Friday, September 21, 2012
Comedy, Drama, 93 minutes
Directed by Wes Anderson
Starring Jason Schwartzman, Bill Murray and Olivia Williams
Comedy is so subjective. Some people want American Pie, The Hangover, or the latest Eddie Murphy movie, while others prefer gentle indie comedies such as Little Miss Sunshine.
What makes you laugh?
I often think about my own sense of humor and it's difficult to pin down at times. I tend to avoid cheap laughs or things done for shock value, and I admire intelligent dialogue and quirky or original takes on everyday situations. One director who never fails to make me smile is Wes Anderson. He definitely falls into the quirky category, but there is so much more to his movies than that.
Rushmore is Anderson's second movie, coming two years after his debut, Bottle Rocket. Both movies were written with Owen Wilson, and they have a similar feel. Anderson is one of those directors who appears to make movies about nothing and it's easy to sit there wondering what you just watched. But, unlike many comedies, there are deeper themes present. I usually find myself thinking about Anderson's work several days after I see the movie. That's the case this time, and it's the main reason I am writing this review.
Rushmore stars Jason Schwartzman in his first role. He plays Max Fischer, who is a 15-year-old student at Rushmore, a private school. He's there because he wrote a play in second grade and won a scholarship. Most of the students have rich parents, but Max's father is a barber and Max has to lie and claim that he's the son of a brain surgeon in order to gain acceptance.
Max is struggling at school and is informed that he'll be expelled if he flunks another class. His main problem is not one of intelligence, it's his lack of focus. He takes on so many extracurricular activities that he doesn't have time to work on his grades. We see snippets of Max indulging in each of these activities, such as beekeeping and fencing, and these snapshots give the movie a lot of charm. It reminds me of Amelie and some of Jeunet's other work in that regard.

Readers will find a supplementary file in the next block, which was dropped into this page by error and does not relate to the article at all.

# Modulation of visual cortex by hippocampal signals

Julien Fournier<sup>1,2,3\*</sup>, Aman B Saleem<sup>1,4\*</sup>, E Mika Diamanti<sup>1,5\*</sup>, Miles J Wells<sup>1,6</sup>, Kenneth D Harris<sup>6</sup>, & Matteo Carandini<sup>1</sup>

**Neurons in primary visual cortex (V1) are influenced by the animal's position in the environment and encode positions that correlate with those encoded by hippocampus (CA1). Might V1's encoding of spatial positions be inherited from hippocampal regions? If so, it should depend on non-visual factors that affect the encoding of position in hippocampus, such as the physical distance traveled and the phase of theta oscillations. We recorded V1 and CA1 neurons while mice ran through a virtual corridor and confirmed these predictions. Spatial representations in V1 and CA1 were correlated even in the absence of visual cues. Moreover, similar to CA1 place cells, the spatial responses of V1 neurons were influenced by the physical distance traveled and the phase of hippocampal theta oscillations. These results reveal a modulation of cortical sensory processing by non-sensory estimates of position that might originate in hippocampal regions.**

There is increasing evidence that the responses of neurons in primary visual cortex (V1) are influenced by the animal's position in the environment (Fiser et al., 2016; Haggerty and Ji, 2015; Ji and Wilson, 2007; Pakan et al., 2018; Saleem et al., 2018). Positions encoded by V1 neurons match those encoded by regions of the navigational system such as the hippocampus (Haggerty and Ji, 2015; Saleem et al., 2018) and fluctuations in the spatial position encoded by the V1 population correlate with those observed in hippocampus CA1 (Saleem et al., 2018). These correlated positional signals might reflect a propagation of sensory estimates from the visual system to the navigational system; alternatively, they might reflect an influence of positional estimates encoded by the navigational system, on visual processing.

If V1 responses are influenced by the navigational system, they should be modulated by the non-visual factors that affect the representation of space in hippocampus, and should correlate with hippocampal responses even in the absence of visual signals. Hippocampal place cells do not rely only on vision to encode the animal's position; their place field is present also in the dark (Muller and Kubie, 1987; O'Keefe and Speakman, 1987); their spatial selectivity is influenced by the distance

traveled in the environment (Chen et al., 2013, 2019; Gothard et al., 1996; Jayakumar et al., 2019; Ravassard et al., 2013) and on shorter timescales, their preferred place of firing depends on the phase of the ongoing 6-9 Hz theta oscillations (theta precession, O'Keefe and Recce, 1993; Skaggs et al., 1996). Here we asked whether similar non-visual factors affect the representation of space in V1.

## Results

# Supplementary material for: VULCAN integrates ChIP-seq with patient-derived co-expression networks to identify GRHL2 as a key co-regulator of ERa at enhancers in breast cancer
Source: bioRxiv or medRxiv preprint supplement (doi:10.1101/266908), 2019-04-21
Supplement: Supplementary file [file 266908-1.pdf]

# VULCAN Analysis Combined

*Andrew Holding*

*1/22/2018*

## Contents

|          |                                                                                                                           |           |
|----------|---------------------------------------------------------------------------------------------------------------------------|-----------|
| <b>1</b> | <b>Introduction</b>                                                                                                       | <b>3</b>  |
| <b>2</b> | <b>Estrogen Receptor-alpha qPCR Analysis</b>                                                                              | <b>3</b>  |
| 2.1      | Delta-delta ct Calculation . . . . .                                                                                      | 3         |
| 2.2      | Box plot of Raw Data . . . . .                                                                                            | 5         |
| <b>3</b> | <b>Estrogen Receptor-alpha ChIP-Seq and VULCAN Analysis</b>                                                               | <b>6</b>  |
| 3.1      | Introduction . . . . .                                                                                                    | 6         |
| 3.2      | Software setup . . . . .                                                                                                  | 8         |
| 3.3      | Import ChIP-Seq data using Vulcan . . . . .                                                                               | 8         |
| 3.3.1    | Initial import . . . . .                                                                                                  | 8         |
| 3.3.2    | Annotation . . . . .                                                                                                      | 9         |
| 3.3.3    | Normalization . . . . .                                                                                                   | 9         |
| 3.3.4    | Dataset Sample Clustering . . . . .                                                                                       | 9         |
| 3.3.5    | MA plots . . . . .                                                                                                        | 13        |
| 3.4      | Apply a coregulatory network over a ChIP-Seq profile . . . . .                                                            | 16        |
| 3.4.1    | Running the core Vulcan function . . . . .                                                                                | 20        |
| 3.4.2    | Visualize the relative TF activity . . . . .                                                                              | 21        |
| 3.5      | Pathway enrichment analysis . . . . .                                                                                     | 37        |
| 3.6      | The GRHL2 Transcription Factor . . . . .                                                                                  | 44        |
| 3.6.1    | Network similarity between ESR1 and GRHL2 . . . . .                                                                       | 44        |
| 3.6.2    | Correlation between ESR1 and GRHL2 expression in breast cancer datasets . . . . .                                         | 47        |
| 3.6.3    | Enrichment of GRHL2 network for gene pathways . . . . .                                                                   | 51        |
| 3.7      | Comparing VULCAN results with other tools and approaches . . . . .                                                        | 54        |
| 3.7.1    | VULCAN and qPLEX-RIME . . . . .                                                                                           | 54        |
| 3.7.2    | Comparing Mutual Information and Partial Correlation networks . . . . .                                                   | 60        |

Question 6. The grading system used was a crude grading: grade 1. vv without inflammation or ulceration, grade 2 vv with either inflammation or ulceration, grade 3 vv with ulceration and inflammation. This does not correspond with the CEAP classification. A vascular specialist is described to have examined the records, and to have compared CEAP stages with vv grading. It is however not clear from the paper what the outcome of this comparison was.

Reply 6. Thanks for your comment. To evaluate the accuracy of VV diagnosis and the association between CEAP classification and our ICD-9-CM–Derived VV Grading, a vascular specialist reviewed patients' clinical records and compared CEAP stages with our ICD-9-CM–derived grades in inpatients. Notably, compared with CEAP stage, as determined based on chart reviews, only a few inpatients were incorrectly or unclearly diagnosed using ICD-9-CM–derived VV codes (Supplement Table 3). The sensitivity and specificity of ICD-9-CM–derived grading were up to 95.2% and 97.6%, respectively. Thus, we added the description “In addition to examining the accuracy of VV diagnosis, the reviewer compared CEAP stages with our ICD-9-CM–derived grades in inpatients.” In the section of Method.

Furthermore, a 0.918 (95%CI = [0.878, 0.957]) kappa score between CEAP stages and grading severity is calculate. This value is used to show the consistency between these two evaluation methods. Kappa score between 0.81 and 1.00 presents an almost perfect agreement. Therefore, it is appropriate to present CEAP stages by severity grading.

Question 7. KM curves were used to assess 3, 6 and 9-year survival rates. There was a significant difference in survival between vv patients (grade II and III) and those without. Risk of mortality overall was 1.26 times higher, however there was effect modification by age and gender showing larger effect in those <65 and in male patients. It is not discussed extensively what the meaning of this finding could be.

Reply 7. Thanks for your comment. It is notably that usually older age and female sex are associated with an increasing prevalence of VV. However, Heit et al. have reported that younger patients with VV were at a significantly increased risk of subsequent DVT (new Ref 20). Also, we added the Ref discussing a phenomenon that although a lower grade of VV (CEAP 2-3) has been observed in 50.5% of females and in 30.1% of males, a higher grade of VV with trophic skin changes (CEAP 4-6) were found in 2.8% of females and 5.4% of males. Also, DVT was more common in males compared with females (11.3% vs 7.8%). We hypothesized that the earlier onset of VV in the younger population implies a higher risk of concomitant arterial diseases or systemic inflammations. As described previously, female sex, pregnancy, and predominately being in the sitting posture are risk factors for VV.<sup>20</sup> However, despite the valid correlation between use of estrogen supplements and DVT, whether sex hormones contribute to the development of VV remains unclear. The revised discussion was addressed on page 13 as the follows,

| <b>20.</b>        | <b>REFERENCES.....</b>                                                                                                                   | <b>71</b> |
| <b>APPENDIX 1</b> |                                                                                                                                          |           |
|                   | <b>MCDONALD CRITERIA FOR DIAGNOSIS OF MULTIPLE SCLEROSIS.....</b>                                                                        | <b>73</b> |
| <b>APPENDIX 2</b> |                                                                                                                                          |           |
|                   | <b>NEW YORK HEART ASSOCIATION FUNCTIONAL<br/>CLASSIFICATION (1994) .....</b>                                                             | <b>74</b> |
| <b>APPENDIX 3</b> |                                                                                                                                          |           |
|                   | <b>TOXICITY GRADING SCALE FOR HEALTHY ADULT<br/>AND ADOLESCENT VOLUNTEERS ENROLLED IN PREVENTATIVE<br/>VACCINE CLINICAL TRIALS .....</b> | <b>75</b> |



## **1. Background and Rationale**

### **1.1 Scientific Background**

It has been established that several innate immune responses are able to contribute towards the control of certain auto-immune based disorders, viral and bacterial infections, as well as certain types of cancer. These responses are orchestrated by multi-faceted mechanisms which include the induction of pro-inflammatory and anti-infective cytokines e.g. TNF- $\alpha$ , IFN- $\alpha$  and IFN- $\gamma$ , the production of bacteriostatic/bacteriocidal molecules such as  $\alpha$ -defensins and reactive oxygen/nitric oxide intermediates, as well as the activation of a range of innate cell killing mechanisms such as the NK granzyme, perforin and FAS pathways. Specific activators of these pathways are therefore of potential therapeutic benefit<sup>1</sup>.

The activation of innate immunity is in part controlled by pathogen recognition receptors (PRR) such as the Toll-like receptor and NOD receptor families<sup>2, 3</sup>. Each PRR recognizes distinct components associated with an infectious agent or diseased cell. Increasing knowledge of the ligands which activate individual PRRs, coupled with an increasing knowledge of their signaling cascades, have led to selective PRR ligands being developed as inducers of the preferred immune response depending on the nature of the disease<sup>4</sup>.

As usual, something feels odd in Anderson's world. This effect is heightened by the dialogue. For example, Max sounds as if he is much older. He talks so seriously and it's funny that someone of that age thinks the way he does. Watch him direct Serpico for the school play and you'll see just what I mean.
The heart of the story involves an unusual love triangle. Max befriends Herman Blume (Murray), who is a wealthy tycoon and former student of Rushmore. They both develop feelings for Miss Cross (Williams), who teaches at the school.
I won't reveal any more of the plot, because it doesn't really matter. All you need to know is that Rushmore is a typical Wes Anderson film. He'll surprise you at times, make you laugh, and leave you wondering how he came up with such original ideas.
I should also mention Mark Mothersbaugh, who began his association with Anderson on this film by contributing to the soundtrack. Other music used in the film includes songs by The Kinks, The Who, The Faces, and John Lennon. They all add to the nostalgic tone and fit perfectly.
Owen Wilson doesn't appear in this one, but Luke and Andrew Wilson are both involved. If you appreciate quirky comedy, Rushmore won't disappoint.
The Criterion Blu-ray offers a superb presentation. Colors are natural throughout and you'll feel as if you are standing next to the characters. The special features are also noteworthy and the highlight is a 55-minute feature showing interviews with Murray and Anderson on the Charlie Rose Show. Fans of commentaries will be happy that Anderson, Owen Wilson and Schwartzman appear on the commentary track.
If you are curious about the appeal of Wes Anderson, Rushmore isn't a bad starting point. It won't work for everyone though.
Overall score 4.5/5
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